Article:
Typically, when two parents live together with their child or children, each parent contributes to supporting those children. The parents pay for utilities on their home, mortgage or rent, school supplies, medical appointments, food, clothing, and on and on to provide for their children.
However, when those parents no longer live together, and the children live with either both parents part time or one parent full time, courts will usually require both parents to continue to support their children financially. This support is referred to as child support.
This is the case even if a non-custodial parent is not emotionally or even physically in the child’s life. Most often the parent who does not have primary physical custody of the child (the non-custodial parent) is the parent that pays child support.
Public policy has long held that when two people conceive a child, both parties are responsible for supporting that child. Therefore, courts will not only order child support but also have an interest in enforcing their child support orders.
Each state has different criteria that it examines to determine a fair amount of child support. Usually, that criteria includes:
- Both parents’ income;
- Earning potential;
- The number of children needing support;
- The amount of time the child or children spend with each parent;
- The standard of living before a divorce or separation; and
- The needs of the child.
For example, where custody is split as close to evenly as possible, each parent is presumably supporting the child when in their custody. Therefore, the arrangement being fairly equal, there is not likely to be a large child support order against one parent or the other (unless, however, one parent is significantly more wealthy than the other parent).
Courts try to avoid having children experience vastly different standards of living at each parent’s house, such as a child living in a trailer park with their mom but in a six-bedroom mansion with their dad.
The amount of support may also be different for each child in a family. If one child has severe physical disabilities and requires round-the-clock nursing care, but another child has no such special needs, the court may order a different level of support for each child even though they’re in the same family.
The short answer is that child support covers necessities. Each state defines necessities a little differently, but the basic necessities all include food, shelter, and clothing. Some states have determined that necessities also include educational expenses including some extra-curricular activities, some entertainment expenses, medical care, transportation, and more.
Some courts will outline what the child support order covers in the order itself so that there’s no speculation between parents about how the child support payment may be used.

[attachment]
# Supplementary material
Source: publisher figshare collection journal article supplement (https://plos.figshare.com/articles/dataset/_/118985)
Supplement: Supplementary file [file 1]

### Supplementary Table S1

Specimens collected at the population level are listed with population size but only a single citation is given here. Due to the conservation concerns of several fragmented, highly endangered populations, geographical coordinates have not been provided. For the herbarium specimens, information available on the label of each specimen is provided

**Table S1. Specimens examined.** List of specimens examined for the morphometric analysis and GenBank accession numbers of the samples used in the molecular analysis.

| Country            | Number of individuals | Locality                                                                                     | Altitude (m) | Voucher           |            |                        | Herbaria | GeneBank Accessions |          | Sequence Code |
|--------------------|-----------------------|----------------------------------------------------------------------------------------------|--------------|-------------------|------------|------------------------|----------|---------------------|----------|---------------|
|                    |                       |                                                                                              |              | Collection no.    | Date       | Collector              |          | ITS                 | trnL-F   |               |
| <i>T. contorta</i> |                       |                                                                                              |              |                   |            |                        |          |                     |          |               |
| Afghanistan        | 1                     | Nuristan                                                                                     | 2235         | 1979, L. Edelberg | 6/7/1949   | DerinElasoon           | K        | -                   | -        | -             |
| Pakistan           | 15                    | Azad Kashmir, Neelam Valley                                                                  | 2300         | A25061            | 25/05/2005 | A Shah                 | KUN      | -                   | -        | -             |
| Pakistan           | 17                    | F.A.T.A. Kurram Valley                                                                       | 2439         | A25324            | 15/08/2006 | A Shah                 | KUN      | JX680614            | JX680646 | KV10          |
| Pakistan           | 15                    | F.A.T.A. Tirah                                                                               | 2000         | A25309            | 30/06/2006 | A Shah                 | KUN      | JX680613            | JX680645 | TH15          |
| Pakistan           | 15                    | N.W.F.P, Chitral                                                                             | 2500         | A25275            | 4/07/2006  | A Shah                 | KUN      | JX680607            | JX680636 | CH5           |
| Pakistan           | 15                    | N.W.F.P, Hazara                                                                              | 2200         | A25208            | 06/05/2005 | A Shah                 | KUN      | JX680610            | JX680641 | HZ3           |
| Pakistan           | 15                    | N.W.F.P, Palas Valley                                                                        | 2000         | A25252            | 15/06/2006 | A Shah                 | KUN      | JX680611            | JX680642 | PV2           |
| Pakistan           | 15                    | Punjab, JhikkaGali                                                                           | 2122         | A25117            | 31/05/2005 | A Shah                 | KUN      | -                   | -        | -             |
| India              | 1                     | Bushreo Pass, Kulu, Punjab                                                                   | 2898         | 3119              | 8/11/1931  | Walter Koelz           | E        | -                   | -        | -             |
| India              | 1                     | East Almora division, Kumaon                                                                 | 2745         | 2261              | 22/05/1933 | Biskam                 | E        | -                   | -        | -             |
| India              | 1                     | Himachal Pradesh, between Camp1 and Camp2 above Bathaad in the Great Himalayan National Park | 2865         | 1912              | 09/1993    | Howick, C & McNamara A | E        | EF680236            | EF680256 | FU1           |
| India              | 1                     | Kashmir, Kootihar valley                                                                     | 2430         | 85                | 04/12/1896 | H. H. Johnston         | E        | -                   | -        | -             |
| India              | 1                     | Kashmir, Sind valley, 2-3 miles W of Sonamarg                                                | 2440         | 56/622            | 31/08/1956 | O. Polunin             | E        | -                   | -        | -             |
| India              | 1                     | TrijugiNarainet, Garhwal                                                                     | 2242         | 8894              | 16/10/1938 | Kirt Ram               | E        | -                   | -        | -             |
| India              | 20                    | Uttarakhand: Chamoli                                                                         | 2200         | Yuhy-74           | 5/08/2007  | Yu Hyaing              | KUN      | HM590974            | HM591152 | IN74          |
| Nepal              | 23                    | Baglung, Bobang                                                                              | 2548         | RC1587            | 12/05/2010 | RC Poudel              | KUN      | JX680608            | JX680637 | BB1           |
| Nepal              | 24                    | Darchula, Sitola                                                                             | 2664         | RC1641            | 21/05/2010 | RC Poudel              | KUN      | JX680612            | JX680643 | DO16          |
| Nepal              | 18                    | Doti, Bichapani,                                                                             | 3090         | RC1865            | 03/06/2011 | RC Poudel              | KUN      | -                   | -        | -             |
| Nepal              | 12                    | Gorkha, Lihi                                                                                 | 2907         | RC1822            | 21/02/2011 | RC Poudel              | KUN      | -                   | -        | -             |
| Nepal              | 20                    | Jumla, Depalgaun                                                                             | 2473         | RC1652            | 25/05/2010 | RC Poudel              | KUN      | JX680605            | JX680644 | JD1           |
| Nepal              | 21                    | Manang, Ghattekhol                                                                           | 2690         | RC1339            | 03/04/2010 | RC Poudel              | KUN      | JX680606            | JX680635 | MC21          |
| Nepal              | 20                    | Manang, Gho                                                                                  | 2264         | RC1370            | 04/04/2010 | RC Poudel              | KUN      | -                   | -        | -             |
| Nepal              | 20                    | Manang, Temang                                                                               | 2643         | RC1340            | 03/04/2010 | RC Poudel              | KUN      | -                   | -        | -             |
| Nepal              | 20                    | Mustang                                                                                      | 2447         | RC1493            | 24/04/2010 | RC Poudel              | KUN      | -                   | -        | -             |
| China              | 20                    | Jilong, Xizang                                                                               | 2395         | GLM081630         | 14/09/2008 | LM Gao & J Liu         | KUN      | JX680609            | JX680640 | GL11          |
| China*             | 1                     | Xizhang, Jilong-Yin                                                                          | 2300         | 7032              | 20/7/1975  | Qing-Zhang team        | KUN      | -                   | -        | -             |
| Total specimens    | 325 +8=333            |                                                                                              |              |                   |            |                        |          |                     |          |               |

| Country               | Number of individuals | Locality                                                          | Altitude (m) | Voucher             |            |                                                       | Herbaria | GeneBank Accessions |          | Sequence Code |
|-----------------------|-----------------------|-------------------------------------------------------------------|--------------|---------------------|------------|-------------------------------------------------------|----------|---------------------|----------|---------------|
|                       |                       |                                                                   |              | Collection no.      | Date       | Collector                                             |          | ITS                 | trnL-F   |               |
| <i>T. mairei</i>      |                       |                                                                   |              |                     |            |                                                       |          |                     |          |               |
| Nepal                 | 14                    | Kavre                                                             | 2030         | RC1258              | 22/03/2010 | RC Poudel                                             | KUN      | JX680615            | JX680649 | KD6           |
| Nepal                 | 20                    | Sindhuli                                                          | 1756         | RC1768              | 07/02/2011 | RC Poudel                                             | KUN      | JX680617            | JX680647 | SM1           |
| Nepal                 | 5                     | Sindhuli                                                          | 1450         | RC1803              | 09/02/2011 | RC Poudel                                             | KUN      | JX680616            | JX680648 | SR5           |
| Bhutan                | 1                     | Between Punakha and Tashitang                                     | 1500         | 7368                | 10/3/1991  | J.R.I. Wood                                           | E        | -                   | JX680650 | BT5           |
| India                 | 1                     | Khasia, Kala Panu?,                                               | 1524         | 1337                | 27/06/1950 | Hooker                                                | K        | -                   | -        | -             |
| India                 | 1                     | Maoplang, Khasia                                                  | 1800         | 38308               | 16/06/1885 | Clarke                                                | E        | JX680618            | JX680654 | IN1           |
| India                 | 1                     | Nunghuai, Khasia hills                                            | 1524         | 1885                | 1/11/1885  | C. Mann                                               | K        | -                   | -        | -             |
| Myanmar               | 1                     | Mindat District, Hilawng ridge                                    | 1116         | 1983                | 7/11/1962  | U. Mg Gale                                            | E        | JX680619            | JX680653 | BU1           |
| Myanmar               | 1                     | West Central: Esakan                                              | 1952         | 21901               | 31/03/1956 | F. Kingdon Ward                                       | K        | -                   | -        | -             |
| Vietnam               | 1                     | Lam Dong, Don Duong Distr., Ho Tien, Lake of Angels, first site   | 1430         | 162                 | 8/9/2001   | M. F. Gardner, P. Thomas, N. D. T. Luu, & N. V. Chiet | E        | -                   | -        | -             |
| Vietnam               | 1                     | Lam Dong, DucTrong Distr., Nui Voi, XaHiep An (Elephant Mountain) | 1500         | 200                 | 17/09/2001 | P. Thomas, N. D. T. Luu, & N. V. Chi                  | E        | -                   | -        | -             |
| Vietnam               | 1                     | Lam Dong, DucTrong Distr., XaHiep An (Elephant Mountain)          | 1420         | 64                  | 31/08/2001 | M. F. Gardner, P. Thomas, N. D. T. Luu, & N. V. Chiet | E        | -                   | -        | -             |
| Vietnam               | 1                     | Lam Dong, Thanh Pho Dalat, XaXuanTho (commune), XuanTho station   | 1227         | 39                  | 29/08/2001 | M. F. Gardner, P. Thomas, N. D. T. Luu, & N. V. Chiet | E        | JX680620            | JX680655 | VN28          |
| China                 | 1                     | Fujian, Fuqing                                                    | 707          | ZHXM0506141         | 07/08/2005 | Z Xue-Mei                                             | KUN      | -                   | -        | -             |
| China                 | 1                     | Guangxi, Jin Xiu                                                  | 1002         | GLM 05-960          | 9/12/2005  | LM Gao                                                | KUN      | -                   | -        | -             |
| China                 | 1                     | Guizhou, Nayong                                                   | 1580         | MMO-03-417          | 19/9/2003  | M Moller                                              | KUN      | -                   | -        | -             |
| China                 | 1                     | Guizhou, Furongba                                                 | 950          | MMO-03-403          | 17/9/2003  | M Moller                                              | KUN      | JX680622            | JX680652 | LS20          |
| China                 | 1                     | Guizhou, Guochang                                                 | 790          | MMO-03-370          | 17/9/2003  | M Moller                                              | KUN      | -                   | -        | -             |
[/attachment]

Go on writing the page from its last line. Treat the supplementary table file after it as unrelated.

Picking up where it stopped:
Proving misuse of child support can be very difficult. However, if it is obvious that the child is not being properly supported (not adequately dressed, not being properly fed, etc.) this can be a sign that the custodial parent is misusing child support funds. This is especially true if the custodial parent is going to lavish parties without the child, buying expensive clothes for themselves, buying expensive jewelry, or going on posh trips without the child,
A family law attorney can help you determine what your rights are in this situation.
A more common scenario in child support matters is when the parent who has been ordered to pay child support fails to make payments. If a parent is not making child support payments, states usually have a designated agency or attorney who can sue to collect payments on behalf of the child.
Consequences for not paying child support include:
- Garnishing wages;
- Suspending the parent’s occupational license like a medical license or law license;
- Suspending the parent’s business license;
- Suspending the parent’s driver’s license;
- Placing a lien on real property;
- Withholding federal tax return money;
- Withholding government benefits;
- Revocation of the parent’s passport; or
- Jail time
Courts will usually do what they can to prevent suspending licenses or putting a parent in jail over failed child support payments, because when a parent can’t work, they can’t earn money to pay child support anyway. However, in situations in which a parent is not being responsive, these are options the court has to enforce child support.
Getting and enforcing child support can be a tricky legal issue. Oftentimes child support is critical to a child’s future, and states have an interest in ensuring that children within the state have their needs met.
If you need advice on handling a child support matter, contact an experienced child support attorney to assist you. A seasoned child support attorney can make sure you are consistently getting the right amount of support to provide for your child’s needs.